Dividends, Splits and Corporate Actions

How do I tell if a stock pays a dividend?

Finding out if a stock pays a dividend is as simple as finding a detailed quote. Here’s how:

  1. At the top of the page, enter the name or symbol in the Search or Get Quote box, and click on the stock you’re looking for
  2. In the Key Statistics & Ratios section on the right, you will find information on the stock's Annual Dividend Yield and stated above this is the dividend’s frequency and most recently announced dividend amount

Not every stock pays a dividend. In fact, those that do pay a dividend will pay them on their own schedule. Most stocks that do pay a dividend will do it quarterly (four times per year), but some pay annually, semi-annually or even monthly. We’ll reinvest your dividends for free, unless you tell us otherwise by changing your reinvestment preferences.

Tip: The dividend (and the cash amount) a stock pays is subject to change. A stock might pay a dividend now, but there’s no guarantee it will in the future. You can find past dividends and their payable dates on the Earnings & Events tab.

Where do I find how much a dividend pays?

You can find how much the next dividend payment is going to be after looking up a detailed quote by going to the security’s symbol or with the Search or Get Quote bar:

  • Stocks – Go to the Earnings and Events tab then change the Corporate Actions and Events table to Dividends in the top corner. Here you can see the different dividend dates and the payment amount.
  • Exchange-Traded Funds (ETFs) – Go to the Distributions tab and you’ll see the dividend amount and payable date next to Dividend Income under the chart.
  • Mutual Funds – Go to the Distributions tab and you’ll see the dividend amount and payable date next to Dividend Income under the chart.

Tip: If the only dividend dates you see are in the past, then the security hasn’t announced when its next dividend will be. If it pays on a recurring basis, there’s a good chance that it will stick with its payment schedule. You can see how frequently this is on the Snapshot tab in the Key Statistics & Ratios section for stocks or the Distributions and Yield section for ETFs and mutual funds.

Dividend Dates

When a stock, exchange-traded fund (ETF) or mutual fund pays a dividend, there are a few important dates that you should know about:

  • Announcement Date – When the Board of Directors tells the public about an upcoming dividend
  • Ex-Dividend Date – Meaning “after dividend,” you must buy the security before this date or sell on or after this date to receive the dividend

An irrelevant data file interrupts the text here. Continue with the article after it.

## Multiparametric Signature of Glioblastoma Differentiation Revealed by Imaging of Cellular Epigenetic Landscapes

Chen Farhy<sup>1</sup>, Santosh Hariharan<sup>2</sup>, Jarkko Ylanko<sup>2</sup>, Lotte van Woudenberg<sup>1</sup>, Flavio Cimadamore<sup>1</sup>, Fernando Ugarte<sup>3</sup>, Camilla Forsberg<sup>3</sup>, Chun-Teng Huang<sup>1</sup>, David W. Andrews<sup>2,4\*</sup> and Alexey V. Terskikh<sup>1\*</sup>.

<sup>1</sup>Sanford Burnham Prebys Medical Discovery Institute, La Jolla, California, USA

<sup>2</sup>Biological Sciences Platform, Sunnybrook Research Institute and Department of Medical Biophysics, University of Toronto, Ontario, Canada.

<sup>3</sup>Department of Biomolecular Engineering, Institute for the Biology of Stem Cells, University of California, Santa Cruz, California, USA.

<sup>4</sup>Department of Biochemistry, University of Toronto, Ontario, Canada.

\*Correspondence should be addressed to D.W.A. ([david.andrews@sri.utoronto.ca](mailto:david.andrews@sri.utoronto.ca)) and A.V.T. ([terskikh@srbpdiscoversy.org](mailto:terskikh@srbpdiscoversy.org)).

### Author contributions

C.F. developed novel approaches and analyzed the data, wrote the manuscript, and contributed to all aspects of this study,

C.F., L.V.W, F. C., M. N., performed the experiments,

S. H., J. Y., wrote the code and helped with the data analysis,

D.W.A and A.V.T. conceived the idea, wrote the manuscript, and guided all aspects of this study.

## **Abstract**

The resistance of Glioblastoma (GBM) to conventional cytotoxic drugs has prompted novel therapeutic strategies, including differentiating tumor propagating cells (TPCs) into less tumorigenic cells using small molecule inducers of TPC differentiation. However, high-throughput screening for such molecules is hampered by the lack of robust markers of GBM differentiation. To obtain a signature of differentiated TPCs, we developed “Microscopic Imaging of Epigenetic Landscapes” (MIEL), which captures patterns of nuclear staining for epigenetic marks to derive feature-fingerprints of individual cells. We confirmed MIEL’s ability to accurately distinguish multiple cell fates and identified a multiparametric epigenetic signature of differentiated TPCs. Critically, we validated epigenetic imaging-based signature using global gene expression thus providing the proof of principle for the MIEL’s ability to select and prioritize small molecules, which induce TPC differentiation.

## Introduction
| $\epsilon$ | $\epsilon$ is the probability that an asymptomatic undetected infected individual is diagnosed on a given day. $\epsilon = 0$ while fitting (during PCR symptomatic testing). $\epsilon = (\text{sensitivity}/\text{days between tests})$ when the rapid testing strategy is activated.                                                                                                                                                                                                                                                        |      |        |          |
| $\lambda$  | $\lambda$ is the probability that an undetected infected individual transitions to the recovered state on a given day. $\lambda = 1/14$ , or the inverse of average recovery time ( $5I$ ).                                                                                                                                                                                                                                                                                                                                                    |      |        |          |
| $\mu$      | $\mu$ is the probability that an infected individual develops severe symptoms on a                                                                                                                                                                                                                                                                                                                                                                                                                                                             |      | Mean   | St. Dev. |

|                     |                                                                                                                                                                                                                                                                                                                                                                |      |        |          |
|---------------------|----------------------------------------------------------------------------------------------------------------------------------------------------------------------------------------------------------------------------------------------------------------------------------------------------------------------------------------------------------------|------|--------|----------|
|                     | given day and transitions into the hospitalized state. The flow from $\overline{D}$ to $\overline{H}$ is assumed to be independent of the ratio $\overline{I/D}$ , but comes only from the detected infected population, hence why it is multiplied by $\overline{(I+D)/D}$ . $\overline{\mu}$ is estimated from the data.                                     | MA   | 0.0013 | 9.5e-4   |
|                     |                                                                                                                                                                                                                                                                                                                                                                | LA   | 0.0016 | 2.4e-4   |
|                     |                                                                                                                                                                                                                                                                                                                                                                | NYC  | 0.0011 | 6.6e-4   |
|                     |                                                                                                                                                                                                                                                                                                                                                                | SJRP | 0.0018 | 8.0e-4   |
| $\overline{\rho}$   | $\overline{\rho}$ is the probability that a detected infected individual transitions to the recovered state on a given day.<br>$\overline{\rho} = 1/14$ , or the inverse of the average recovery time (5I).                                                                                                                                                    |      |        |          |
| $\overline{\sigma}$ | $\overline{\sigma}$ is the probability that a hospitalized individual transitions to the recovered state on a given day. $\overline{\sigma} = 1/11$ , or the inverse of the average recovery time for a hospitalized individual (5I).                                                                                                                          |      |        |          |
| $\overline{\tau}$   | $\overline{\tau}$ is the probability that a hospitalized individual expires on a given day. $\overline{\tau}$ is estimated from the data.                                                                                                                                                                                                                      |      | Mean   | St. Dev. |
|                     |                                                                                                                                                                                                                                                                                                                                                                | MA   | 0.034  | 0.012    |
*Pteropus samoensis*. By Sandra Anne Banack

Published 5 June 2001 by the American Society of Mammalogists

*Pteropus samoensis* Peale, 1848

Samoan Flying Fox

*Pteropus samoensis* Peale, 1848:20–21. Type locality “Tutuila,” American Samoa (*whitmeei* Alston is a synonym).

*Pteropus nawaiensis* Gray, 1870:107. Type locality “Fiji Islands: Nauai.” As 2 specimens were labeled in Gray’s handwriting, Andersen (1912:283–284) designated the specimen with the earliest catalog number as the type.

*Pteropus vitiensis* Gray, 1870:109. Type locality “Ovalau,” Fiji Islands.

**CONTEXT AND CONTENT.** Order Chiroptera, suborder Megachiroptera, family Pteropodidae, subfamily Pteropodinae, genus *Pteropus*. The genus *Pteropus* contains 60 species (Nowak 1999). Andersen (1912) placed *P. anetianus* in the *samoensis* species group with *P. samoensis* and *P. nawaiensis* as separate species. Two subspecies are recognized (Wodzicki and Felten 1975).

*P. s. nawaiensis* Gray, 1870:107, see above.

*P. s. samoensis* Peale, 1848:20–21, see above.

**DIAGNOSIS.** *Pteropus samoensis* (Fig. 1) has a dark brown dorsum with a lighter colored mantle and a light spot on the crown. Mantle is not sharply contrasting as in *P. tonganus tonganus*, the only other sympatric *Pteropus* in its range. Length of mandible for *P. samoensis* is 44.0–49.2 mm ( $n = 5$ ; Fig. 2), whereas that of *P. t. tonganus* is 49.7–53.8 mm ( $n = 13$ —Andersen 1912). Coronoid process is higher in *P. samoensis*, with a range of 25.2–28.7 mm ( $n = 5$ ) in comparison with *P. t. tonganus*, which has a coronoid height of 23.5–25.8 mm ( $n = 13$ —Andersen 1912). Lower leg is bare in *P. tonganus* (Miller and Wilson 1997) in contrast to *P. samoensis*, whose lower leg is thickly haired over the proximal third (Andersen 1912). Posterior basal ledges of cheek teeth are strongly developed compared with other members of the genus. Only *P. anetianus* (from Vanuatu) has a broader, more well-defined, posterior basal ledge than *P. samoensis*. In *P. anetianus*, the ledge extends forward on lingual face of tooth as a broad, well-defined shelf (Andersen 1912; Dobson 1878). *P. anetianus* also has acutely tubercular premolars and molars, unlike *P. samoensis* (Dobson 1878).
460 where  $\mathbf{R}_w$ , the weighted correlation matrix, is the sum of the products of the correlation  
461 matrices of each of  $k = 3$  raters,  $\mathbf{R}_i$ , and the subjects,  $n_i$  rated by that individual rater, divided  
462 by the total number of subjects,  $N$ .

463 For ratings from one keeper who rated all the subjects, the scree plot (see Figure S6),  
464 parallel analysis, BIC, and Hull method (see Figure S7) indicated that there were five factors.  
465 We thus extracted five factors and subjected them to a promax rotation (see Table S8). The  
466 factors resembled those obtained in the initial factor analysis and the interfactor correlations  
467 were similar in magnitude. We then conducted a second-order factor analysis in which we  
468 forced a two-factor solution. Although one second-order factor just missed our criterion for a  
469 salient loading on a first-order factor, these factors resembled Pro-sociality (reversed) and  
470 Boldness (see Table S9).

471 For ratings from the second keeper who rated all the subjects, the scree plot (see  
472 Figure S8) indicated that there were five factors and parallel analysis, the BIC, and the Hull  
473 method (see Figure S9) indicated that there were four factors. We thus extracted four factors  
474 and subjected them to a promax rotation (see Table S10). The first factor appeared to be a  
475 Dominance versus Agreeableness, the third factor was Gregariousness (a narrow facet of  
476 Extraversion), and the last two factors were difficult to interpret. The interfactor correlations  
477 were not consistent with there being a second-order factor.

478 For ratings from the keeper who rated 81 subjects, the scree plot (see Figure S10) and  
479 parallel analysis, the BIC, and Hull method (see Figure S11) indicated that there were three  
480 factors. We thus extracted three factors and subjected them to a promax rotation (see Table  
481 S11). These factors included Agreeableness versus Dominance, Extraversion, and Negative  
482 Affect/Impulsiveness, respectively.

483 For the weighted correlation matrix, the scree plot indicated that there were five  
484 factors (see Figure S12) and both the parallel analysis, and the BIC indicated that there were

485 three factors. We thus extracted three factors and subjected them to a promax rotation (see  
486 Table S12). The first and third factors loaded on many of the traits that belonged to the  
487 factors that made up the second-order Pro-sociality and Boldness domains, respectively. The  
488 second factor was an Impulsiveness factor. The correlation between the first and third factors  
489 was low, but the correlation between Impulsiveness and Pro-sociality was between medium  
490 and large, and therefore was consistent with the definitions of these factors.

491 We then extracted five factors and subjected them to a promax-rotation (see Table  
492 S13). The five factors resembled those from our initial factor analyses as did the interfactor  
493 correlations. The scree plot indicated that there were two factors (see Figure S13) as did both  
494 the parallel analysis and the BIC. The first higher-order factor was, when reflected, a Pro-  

• Payable Date – When the dividend is paid by the company and arrives in your account

We reinvest dividends from stocks and ETFs on the payable date at the previous business day’s closing price. We reinvest dividends from mutual funds on the payable date, at the closing price of the ex-dividend date.

Are Special Dividends handled the same way as other dividends?

Sometimes a stock will announce a special cash dividend that can have a different payment than its regular dividend. These special dividends are handled differently than a regular dividend in the following ways:

  • Not Reinvested – The dividend is paid in cash regardless of your reinvestment preferences. Since these special cash dividends tend to be larger than regular dividends, reinvestments can move the market (quickly drive up the price) and be reinvested at a higher than expected price.
  • Non-Standard Ex-Dividend Date – While the company usually announces an ex-dividend date, it is not always approved by the SEC and the ex-dividend date could be pushed back to a later date.

What happens to my shares with a Forward Stock Split?

A stock split changes the number of shares and the price per share, but does not change your position’s total value. With a forward split, the number of shares is increased while the price per share is decreased.

Example: XYZ initiates a 2-for-1 stock split (sometimes written as 2:1). You have 50 shares of XYZ valued at $4 per share prior to the stock split totaling $200 in value. After the forward stock split, you own 100 shares of XYZ valued at $2 per share. Your total position is still worth $200.